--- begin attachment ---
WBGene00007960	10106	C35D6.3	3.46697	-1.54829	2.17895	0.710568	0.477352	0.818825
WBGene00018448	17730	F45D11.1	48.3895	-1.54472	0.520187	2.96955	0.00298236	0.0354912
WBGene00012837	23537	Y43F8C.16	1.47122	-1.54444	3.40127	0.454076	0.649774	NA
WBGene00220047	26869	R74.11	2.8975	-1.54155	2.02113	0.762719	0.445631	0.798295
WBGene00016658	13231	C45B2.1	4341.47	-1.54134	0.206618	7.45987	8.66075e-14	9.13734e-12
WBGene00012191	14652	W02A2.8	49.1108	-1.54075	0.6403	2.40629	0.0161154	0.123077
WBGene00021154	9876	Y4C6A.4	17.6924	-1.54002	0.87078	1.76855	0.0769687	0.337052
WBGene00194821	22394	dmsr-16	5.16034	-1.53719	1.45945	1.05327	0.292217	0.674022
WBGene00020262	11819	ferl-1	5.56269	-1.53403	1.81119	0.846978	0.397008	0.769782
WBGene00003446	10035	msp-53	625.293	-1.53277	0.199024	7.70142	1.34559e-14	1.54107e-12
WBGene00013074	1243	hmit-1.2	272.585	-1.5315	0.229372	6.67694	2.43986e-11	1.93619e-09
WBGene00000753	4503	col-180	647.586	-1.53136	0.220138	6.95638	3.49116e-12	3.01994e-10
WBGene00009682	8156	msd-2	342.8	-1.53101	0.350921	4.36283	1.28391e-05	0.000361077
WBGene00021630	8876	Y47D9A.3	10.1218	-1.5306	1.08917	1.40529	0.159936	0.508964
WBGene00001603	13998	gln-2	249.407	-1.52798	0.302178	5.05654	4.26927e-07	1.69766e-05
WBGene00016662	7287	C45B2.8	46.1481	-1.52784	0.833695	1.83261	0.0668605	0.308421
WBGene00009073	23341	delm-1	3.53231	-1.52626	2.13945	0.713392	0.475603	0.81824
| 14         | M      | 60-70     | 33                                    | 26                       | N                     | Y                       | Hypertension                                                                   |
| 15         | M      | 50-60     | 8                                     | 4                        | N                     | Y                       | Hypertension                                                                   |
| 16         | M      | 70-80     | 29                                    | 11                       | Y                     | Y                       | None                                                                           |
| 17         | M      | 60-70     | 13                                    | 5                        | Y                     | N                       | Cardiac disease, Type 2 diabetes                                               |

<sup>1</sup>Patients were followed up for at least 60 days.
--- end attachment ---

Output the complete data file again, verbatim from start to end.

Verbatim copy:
WBGene00007960	10106	C35D6.3	3.46697	-1.54829	2.17895	0.710568	0.477352	0.818825
WBGene00018448	17730	F45D11.1	48.3895	-1.54472	0.520187	2.96955	0.00298236	0.0354912
WBGene00012837	23537	Y43F8C.16	1.47122	-1.54444	3.40127	0.454076	0.649774	NA
WBGene00220047	26869	R74.11	2.8975	-1.54155	2.02113	0.762719	0.445631	0.798295
WBGene00016658	13231	C45B2.1	4341.47	-1.54134	0.206618	7.45987	8.66075e-14	9.13734e-12
WBGene00012191	14652	W02A2.8	49.1108	-1.54075	0.6403	2.40629	0.0161154	0.123077
WBGene00021154	9876	Y4C6A.4	17.6924	-1.54002	0.87078	1.76855	0.0769687	0.337052
WBGene00194821	22394	dmsr-16	5.16034	-1.53719	1.45945	1.05327	0.292217	0.674022
WBGene00020262	11819	ferl-1	5.56269	-1.53403	1.81119	0.846978	0.397008	0.769782
WBGene00003446	10035	msp-53	625.293	-1.53277	0.199024	7.70142	1.34559e-14	1.54107e-12
WBGene00013074	1243	hmit-1.2	272.585	-1.5315	0.229372	6.67694	2.43986e-11	1.93619e-09
WBGene00000753	4503	col-180	647.586	-1.53136	0.220138	6.95638	3.49116e-12	3.01994e-10
WBGene00009682	8156	msd-2	342.8	-1.53101	0.350921	4.36283	1.28391e-05	0.000361077
WBGene00021630	8876	Y47D9A.3	10.1218	-1.5306	1.08917	1.40529	0.159936	0.508964
WBGene00001603	13998	gln-2	249.407	-1.52798	0.302178	5.05654	4.26927e-07	1.69766e-05
WBGene00016662	7287	C45B2.8	46.1481	-1.52784	0.833695	1.83261	0.0668605	0.308421
WBGene00009073	23341	delm-1	3.53231	-1.52626	2.13945	0.713392	0.475603	0.81824
| 14         | M      | 60-70     | 33                                    | 26                       | N                     | Y                       | Hypertension                                                                   |
| 15         | M      | 50-60     | 8                                     | 4                        | N                     | Y                       | Hypertension                                                                   |
| 16         | M      | 70-80     | 29                                    | 11                       | Y                     | Y                       | None                                                                           |
| 17         | M      | 60-70     | 13                                    | 5                        | Y                     | N                       | Cardiac disease, Type 2 diabetes                                               |

<sup>1</sup>Patients were followed up for at least 60 days.